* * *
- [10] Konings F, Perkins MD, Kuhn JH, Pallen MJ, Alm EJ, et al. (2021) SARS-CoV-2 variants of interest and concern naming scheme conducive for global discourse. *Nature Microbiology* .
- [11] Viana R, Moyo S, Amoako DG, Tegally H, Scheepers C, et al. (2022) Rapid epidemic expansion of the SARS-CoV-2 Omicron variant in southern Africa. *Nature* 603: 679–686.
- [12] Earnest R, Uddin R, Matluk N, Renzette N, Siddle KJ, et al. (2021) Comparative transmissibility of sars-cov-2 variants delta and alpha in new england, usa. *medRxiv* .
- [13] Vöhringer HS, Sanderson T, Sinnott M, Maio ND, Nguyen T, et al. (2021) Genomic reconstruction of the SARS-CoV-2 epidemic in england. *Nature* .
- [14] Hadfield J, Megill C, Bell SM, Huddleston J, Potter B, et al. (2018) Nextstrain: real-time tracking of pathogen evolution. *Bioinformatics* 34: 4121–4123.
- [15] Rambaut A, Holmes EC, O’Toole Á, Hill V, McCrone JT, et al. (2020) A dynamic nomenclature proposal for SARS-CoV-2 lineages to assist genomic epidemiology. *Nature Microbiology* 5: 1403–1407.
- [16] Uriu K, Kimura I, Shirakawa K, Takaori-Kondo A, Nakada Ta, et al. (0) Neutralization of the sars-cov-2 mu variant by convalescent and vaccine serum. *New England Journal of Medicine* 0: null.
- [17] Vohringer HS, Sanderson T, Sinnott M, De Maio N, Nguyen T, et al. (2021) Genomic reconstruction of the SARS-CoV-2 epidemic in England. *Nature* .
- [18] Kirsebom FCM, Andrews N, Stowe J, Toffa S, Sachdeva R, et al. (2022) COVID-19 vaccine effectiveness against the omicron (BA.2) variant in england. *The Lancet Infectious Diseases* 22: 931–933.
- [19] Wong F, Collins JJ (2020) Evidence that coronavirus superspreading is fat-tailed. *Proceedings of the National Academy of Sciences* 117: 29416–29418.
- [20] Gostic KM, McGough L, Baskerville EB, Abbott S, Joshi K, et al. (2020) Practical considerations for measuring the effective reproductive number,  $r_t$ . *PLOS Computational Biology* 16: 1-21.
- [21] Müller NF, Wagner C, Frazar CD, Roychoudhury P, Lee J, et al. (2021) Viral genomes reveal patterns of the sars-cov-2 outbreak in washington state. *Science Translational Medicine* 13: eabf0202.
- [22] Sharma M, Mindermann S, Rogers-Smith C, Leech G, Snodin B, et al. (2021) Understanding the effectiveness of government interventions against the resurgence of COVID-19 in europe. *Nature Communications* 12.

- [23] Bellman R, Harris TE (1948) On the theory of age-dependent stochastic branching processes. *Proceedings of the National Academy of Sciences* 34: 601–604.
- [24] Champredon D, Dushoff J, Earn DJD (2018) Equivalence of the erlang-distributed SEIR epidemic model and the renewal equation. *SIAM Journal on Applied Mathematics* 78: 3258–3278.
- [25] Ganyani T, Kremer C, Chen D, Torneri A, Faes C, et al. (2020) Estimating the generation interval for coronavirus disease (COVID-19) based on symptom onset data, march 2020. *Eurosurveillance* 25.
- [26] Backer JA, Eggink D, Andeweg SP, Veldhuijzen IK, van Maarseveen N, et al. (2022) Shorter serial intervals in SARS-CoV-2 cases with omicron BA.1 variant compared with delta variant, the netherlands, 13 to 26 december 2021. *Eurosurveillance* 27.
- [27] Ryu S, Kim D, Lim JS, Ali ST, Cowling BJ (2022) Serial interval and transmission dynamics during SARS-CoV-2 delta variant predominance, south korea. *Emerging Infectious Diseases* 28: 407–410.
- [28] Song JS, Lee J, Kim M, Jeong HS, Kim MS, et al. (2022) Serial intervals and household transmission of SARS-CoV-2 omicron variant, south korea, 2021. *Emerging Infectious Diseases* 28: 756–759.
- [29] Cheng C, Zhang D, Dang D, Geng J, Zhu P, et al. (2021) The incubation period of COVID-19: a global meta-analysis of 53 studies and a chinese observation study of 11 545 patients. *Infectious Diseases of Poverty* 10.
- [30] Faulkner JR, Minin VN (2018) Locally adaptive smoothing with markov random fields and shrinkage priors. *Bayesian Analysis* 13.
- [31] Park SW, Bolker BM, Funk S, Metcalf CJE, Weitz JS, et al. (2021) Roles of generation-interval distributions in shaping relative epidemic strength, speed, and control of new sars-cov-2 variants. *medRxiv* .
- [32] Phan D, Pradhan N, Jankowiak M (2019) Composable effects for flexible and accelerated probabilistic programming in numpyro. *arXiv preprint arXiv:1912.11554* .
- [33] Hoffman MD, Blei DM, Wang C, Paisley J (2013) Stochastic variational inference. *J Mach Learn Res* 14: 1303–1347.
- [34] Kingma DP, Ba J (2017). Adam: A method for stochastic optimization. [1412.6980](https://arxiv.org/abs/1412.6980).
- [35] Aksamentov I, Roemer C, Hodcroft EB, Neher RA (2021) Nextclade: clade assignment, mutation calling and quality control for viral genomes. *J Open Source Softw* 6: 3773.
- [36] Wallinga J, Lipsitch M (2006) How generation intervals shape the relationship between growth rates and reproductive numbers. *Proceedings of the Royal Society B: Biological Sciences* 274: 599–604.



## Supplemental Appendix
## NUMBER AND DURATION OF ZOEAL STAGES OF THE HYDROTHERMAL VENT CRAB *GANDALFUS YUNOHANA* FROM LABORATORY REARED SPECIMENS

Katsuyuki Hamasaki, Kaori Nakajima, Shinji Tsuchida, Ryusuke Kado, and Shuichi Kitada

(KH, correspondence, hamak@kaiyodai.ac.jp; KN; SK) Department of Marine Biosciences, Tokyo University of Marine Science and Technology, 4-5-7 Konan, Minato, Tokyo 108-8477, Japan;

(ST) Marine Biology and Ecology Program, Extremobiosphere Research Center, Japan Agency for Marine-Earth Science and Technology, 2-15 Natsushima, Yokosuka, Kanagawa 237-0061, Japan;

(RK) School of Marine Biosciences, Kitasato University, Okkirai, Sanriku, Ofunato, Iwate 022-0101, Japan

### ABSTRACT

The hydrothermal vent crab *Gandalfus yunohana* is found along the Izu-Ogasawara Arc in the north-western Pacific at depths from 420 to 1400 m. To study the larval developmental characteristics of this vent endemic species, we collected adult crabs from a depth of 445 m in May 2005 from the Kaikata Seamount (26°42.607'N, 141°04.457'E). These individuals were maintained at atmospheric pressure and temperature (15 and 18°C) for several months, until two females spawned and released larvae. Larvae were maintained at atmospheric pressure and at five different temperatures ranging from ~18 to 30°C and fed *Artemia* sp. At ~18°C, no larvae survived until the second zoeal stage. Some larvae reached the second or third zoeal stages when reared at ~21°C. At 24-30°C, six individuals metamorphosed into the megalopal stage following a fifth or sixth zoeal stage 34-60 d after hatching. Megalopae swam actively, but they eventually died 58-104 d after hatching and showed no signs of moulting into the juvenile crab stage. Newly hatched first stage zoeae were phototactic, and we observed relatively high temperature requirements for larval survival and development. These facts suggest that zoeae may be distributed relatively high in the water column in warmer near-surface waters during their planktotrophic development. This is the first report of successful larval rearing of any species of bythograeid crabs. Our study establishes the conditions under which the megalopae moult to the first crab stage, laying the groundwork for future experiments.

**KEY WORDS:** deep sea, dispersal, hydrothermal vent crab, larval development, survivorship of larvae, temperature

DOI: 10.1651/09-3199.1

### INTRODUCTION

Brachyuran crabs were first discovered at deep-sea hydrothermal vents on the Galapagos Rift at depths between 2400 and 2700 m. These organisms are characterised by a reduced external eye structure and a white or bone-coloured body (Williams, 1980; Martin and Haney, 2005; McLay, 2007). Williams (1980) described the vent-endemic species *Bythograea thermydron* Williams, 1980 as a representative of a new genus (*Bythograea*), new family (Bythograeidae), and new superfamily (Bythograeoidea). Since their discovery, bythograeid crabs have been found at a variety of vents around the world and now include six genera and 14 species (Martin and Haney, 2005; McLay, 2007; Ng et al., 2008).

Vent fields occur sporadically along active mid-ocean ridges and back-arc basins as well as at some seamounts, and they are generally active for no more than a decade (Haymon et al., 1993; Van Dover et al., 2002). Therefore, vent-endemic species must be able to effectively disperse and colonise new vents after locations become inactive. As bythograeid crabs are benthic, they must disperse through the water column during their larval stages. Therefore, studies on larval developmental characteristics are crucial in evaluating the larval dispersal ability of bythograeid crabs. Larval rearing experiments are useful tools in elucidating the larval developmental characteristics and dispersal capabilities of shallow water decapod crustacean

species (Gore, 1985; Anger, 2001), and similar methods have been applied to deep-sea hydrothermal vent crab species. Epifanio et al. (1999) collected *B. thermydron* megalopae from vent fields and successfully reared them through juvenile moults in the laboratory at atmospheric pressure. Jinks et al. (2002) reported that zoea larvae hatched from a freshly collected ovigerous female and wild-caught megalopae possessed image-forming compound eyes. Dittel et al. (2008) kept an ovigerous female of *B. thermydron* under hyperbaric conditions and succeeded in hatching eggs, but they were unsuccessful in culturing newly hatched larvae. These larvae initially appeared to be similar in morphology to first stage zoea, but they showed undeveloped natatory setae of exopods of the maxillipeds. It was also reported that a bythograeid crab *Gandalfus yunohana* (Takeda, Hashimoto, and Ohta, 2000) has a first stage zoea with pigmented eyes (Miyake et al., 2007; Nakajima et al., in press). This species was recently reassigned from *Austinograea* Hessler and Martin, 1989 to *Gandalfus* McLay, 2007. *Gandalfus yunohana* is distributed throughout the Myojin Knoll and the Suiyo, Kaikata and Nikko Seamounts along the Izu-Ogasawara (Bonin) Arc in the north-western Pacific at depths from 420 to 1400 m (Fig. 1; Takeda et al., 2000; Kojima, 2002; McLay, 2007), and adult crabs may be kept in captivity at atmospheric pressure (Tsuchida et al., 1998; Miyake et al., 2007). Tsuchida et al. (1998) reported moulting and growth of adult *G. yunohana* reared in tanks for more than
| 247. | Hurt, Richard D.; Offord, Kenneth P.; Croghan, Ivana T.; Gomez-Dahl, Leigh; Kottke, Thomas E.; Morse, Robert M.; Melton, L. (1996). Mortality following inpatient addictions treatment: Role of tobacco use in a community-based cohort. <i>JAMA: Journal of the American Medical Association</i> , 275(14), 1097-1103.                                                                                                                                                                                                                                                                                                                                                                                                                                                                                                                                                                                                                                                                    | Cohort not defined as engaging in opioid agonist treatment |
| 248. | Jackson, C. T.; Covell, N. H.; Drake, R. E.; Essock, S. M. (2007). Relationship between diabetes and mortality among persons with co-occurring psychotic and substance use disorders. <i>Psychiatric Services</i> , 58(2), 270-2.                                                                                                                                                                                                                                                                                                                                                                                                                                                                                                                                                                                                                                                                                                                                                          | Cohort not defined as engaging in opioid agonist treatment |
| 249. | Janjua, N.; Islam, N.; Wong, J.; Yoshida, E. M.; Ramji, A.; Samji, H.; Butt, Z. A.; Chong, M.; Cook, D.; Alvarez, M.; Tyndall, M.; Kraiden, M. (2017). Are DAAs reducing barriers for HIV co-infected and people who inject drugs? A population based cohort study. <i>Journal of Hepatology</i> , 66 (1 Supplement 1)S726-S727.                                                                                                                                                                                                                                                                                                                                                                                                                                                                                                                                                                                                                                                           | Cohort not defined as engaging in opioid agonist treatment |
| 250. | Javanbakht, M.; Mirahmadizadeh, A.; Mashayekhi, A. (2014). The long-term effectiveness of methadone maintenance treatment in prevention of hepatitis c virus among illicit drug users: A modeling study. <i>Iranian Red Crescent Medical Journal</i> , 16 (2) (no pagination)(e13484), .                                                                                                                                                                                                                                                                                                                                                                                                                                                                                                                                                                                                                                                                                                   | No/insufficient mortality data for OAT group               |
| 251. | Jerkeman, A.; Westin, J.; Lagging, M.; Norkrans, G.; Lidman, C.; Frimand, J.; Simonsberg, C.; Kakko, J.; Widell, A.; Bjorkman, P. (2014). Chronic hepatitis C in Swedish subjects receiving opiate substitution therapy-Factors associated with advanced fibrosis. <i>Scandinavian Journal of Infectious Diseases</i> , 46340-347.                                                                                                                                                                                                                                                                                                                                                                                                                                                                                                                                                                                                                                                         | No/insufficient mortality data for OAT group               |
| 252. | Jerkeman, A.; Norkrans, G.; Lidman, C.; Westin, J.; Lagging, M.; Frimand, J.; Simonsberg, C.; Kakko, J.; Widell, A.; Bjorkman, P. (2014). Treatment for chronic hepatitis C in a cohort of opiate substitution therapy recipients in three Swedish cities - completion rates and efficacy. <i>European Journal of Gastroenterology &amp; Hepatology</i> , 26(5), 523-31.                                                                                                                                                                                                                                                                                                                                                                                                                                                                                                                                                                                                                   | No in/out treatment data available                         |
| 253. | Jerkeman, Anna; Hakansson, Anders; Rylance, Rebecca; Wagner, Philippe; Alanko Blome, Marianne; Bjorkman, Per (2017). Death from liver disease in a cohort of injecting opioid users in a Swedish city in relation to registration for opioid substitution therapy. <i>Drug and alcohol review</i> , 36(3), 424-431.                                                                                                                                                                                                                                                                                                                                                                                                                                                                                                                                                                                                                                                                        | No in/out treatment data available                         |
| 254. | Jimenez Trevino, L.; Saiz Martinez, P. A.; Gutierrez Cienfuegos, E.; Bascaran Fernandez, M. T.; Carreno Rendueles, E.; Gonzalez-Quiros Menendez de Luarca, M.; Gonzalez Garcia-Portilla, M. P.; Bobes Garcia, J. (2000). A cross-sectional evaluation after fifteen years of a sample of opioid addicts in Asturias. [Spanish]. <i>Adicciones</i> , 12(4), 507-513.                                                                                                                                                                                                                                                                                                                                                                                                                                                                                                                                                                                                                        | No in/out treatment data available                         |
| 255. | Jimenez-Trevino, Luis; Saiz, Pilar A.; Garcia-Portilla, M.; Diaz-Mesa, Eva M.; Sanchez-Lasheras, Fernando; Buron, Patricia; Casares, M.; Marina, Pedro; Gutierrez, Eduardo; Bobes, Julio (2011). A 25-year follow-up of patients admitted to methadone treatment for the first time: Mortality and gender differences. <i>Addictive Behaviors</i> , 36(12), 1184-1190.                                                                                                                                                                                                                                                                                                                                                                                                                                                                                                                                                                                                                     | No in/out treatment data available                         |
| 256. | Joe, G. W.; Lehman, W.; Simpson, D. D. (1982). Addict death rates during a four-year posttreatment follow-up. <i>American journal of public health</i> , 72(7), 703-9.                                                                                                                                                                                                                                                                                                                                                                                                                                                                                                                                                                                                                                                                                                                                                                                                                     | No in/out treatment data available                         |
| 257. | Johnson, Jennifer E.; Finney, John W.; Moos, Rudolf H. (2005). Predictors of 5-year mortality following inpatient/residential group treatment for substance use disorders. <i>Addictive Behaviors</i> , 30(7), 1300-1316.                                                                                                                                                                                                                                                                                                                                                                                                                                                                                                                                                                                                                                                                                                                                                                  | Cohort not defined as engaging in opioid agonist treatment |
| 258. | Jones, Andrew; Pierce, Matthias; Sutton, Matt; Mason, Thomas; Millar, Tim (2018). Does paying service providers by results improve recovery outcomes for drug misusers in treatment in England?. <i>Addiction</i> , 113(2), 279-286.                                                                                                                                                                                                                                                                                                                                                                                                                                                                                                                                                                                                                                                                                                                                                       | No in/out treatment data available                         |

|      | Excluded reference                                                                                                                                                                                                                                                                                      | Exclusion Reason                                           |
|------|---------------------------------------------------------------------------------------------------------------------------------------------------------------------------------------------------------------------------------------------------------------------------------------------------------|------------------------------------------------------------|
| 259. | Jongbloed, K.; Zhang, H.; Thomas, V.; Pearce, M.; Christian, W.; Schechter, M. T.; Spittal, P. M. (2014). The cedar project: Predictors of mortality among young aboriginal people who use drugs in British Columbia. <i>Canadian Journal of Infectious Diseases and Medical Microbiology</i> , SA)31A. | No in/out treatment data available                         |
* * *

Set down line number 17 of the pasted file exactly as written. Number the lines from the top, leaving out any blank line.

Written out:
- [26] Backer JA, Eggink D, Andeweg SP, Veldhuijzen IK, van Maarseveen N, et al. (2022) Shorter serial intervals in SARS-CoV-2 cases with omicron BA.1 variant compared with delta variant, the netherlands, 13 to 26 december 2021. *Eurosurveillance* 27.